The circular economy

Our current Linear Economy model flows in one direction and has created the global environment we live in, leading to depleting our planetary resources.  This is no longer sustainable. Simply put it is based on -

 

Production to consumption involving “Taking – Making – Using - Disposing”

 

Factory inputs come from natural resources. They get processed into goods/products. These are purchased and then discarded. Some items like plastic products are often disposed of after single use.

Since natural resources are irreplaceable, industry, policy makers and consumers need urgent alternatives. The Circular Economy model promotes the following approach from production to consumption:

Reducing – Reusing – Recycling - Recovering materials.

What you can do

Find out more and

contribute to the Circular Economy in your community

 

The purpose of Circular Economy is to maximize products and services that are already in use.

 

This includes all phases of a product's life cycle. Typically life cycle phases involve:

  • the extraction of natural resources;

  • the conversion of natural resources into products; and

  • the reconversion of unused materials, as well as waste, into sources of resources for new products.

 

Think before you make a purchase. Research the company you're buying from. You won't get it right each time, but make a start.​ Does it have green credentials? Does the product have a long shelf-life? Is it responsibly sourced, recyclable, and reusable?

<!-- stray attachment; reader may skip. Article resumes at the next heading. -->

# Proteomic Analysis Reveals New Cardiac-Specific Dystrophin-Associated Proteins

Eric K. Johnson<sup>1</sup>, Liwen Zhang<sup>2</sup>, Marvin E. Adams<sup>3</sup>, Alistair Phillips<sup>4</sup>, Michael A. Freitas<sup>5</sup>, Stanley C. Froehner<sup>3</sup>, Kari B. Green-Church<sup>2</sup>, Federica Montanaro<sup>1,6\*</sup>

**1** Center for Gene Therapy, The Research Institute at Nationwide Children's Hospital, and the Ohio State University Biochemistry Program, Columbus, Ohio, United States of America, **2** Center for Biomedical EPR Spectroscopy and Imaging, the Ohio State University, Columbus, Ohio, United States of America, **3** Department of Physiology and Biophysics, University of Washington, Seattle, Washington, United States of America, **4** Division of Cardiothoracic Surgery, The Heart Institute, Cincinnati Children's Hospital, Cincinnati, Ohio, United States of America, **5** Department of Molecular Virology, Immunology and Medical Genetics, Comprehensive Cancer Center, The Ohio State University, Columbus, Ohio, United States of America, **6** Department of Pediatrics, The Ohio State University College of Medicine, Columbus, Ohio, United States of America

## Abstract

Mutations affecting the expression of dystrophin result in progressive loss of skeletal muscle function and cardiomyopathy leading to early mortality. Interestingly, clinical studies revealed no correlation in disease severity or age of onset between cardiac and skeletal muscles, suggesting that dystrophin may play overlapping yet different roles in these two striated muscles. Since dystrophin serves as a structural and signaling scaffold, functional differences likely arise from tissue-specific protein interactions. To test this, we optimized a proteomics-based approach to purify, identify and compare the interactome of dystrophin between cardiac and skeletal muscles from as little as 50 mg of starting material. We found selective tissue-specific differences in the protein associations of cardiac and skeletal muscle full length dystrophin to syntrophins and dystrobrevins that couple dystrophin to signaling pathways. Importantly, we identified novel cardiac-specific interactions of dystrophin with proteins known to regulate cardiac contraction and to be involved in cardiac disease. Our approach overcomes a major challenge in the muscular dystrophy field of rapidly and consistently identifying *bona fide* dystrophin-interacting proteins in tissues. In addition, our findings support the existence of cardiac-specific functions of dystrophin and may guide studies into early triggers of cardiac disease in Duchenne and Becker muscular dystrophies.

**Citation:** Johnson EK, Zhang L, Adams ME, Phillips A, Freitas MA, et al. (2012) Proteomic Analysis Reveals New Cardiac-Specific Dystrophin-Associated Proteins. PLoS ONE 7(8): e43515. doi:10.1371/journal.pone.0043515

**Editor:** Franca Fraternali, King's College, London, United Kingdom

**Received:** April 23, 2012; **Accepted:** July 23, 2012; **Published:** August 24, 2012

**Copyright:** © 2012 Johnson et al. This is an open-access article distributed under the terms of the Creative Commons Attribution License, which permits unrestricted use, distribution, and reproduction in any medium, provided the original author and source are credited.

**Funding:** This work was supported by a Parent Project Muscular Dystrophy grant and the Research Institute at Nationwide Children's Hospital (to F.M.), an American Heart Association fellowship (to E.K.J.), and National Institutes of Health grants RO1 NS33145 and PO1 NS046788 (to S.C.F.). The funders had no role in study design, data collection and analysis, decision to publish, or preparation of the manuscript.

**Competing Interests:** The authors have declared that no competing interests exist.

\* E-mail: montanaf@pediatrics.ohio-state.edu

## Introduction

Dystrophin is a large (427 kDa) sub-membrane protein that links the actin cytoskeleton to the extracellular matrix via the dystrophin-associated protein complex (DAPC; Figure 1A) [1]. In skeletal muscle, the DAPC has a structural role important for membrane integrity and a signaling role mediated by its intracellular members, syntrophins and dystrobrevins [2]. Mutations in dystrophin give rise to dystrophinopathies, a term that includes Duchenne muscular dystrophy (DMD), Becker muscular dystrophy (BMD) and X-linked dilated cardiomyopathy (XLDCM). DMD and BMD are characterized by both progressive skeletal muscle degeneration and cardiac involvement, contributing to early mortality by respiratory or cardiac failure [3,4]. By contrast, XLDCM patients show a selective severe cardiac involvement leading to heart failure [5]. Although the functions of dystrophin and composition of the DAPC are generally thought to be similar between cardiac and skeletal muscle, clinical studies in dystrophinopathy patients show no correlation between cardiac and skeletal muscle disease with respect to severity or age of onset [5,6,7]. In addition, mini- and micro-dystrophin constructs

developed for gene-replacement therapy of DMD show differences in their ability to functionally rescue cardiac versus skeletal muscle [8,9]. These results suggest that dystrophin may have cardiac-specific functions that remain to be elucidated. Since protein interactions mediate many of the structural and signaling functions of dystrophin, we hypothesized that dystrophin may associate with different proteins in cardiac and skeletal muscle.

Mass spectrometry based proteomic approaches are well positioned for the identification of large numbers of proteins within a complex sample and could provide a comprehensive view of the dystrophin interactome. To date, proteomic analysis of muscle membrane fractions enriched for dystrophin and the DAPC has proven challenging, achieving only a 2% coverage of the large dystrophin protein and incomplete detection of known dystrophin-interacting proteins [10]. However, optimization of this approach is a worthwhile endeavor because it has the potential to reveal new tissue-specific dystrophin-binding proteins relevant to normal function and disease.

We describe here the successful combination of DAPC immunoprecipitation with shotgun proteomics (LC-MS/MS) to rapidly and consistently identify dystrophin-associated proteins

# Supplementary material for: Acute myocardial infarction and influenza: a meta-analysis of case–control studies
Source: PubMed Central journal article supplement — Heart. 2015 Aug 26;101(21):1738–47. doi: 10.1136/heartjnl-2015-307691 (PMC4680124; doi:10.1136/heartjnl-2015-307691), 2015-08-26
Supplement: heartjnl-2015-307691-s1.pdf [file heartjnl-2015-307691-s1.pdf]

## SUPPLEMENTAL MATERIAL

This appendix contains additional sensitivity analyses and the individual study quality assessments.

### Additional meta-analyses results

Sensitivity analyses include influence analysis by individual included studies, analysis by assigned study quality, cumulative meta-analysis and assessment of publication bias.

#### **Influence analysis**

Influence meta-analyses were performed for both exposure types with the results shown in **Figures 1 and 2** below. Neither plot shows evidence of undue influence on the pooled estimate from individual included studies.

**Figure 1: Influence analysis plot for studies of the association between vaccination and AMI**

Are you a business or a start-up?

Are there business opportunities in your area?

 

Can you collaborate with others?

What others have done

Many companies, businesses and governments have taken steps to:

  • Reduce inputs and use of natural resources 

  • Get more value from used materials over their life cycle

  • Reduce both direct and indirect emissions

  • Reduce losses of valuable materials, prevent waste production, minimize burning and landfilling, and reduce energy and material loss

  • Increase renewable and recyclable resources

  • Increase the value durability of products: this can be achieved by using business models involving use-oriented services (such as product leasing found in modes of transport) 

  • re-using products and components, and providing repair services.

Image by Marco Oriolesi
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A checklist

See the video opposite for the inspiring example of the Kalundborg Symbiosis approach.

Implementing the Circular Economy at:

 

Micro Level can involve eco design, cleaner production, pollution prevention, reducing hazardous materials, and environmental design at the outset of the planning phase.  

 

Meso Level refers to production sites, or a network of industries so that one industry's waste can be utilized by another in what is called industrial symbiosis.  Diverse resources and by-products are exchanged to achieve economic and environmental benefits, ideally in close proximity such as in an eco – industrial park.

Macro Level requires co-operation between a number of diverse players and typically comprises, cities, regions or nations. Successful citizen awareness and interactions lead to concepts of Eco Cities.  This is where municipal policies for Green deal, leadership and partnering with local business, citizens and consumers effectively evolve sustainable cities of the future.  

Call for change

Eco cities have a huge opportunity to impact the magnitude of climate change: after all, larger cities are consuming two thirds of the world’s energy and responsible for emitting over 70% of global CO2 emissions.

Learn from others and call for change in your local street, town, city and country!

 

Urban Gardens